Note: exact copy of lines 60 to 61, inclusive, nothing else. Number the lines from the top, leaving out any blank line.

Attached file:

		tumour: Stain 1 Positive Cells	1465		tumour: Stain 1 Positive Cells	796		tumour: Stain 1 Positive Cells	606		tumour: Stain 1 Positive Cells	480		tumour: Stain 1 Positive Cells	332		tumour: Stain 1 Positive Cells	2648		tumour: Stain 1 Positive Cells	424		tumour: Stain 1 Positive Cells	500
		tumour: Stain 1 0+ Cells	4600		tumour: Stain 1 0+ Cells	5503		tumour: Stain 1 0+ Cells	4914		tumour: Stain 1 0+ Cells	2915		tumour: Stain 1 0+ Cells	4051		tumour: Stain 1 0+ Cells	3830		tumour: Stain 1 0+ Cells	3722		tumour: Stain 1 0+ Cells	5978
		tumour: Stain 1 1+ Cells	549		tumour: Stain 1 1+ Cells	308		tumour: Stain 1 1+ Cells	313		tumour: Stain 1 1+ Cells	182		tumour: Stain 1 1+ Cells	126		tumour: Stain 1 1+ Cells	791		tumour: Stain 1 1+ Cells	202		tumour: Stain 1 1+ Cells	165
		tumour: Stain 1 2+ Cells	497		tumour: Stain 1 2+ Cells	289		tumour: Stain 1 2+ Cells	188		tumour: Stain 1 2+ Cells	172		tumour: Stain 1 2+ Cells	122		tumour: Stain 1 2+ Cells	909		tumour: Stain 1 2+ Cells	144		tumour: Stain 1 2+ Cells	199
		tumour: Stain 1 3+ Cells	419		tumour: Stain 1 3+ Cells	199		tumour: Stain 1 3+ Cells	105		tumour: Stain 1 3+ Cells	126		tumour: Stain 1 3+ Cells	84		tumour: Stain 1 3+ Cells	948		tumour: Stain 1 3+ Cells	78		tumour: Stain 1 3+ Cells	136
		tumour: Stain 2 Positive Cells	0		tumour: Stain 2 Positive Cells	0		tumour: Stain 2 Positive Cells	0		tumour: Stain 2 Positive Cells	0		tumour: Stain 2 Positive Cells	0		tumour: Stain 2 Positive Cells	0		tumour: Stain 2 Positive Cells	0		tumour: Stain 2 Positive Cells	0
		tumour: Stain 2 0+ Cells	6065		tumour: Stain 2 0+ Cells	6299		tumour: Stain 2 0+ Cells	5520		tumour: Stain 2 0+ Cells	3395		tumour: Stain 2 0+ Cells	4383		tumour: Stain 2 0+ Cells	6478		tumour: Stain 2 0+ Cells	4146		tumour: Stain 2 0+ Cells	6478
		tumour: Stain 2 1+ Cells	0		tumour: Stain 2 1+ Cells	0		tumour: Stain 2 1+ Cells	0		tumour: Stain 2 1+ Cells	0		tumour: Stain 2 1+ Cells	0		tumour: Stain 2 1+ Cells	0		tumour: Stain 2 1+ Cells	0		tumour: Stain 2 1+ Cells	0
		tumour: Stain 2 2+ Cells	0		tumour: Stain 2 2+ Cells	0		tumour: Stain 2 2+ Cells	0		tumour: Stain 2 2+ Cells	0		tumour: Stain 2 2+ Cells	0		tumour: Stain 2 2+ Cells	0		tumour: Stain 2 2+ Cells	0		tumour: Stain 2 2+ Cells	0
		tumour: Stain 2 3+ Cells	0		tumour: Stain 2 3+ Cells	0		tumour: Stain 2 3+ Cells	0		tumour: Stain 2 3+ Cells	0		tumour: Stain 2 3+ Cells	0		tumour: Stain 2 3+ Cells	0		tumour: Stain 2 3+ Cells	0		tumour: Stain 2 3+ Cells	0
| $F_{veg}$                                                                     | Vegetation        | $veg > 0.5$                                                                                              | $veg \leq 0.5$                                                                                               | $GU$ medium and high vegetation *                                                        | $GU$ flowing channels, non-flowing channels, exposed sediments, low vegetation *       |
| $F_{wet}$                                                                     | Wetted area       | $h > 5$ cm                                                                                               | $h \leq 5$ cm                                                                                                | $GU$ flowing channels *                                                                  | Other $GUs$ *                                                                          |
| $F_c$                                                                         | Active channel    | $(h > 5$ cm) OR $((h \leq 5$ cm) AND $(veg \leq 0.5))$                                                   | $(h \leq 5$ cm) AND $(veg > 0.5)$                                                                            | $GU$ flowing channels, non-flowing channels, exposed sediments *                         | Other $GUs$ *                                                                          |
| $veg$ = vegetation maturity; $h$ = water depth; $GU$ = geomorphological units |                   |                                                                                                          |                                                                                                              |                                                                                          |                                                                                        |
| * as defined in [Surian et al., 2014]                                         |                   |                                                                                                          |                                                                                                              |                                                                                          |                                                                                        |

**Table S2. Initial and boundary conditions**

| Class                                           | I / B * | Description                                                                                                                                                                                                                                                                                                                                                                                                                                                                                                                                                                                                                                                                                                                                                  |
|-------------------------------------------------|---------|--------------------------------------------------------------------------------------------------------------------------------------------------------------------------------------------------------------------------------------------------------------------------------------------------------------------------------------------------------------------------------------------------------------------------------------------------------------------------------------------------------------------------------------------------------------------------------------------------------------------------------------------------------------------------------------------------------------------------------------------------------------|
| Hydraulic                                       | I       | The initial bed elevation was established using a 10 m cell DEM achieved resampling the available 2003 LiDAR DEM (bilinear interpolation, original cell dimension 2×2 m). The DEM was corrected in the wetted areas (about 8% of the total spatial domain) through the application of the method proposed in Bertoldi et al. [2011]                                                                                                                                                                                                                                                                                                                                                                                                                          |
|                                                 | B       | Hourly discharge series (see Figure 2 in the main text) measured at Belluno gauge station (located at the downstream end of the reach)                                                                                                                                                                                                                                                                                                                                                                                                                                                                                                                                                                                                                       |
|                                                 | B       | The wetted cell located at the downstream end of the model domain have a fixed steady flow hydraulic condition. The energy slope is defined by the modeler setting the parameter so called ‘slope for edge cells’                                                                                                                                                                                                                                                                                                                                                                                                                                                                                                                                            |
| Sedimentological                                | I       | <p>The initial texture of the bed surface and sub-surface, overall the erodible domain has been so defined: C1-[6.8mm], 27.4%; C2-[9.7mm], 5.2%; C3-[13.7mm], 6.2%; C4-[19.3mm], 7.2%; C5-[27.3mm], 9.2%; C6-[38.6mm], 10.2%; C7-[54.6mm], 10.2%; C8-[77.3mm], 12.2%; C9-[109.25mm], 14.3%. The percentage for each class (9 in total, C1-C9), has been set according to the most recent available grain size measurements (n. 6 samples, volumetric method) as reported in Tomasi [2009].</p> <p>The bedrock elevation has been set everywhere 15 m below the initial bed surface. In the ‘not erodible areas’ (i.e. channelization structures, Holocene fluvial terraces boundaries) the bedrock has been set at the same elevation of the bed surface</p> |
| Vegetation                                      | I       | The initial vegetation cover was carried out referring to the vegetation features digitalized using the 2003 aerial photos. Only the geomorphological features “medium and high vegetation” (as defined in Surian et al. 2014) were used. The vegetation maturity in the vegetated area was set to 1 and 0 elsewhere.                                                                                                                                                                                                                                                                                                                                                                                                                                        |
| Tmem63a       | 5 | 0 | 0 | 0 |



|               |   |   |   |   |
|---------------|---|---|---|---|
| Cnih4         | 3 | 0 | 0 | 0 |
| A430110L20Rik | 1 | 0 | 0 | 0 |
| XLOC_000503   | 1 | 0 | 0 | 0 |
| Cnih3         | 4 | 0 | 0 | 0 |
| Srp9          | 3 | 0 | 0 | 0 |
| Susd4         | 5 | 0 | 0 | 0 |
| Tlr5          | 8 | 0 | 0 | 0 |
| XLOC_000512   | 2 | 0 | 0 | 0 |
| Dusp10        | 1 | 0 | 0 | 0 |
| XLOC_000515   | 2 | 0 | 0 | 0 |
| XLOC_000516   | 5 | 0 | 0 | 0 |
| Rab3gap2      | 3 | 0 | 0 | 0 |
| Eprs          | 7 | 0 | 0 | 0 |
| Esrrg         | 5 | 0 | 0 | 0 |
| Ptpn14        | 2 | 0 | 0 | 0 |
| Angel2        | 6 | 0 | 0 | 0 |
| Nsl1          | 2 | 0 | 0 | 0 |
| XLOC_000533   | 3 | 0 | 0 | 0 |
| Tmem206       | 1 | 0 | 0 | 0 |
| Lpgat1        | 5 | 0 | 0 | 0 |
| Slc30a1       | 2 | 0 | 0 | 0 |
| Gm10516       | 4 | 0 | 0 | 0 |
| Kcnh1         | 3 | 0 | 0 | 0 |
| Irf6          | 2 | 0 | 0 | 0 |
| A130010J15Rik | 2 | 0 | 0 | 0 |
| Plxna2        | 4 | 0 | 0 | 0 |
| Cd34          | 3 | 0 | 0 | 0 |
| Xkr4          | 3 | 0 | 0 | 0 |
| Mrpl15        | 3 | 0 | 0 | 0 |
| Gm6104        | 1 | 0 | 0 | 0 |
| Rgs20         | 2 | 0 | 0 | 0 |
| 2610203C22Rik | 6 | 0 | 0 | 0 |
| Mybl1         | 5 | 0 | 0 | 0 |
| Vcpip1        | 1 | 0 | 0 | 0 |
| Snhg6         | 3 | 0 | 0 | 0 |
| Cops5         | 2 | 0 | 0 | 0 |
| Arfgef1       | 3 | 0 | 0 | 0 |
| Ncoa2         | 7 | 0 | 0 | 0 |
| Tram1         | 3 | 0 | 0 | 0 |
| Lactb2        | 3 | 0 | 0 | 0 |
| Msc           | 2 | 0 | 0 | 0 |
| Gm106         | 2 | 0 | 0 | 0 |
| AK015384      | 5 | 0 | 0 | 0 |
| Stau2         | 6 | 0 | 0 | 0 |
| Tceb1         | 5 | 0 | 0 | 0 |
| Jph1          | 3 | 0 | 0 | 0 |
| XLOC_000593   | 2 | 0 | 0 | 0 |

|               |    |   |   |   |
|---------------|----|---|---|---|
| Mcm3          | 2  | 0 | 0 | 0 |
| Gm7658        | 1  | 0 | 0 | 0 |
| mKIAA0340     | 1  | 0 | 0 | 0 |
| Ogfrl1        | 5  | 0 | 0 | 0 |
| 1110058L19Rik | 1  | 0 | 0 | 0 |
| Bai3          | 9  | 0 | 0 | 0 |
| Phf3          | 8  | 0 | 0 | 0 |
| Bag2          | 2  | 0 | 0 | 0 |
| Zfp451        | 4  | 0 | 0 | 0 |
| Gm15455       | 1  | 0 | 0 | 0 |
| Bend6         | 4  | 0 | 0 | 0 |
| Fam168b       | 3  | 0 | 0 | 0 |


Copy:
| Vcpip1        | 1 | 0 | 0 | 0 |
| Snhg6         | 3 | 0 | 0 | 0 |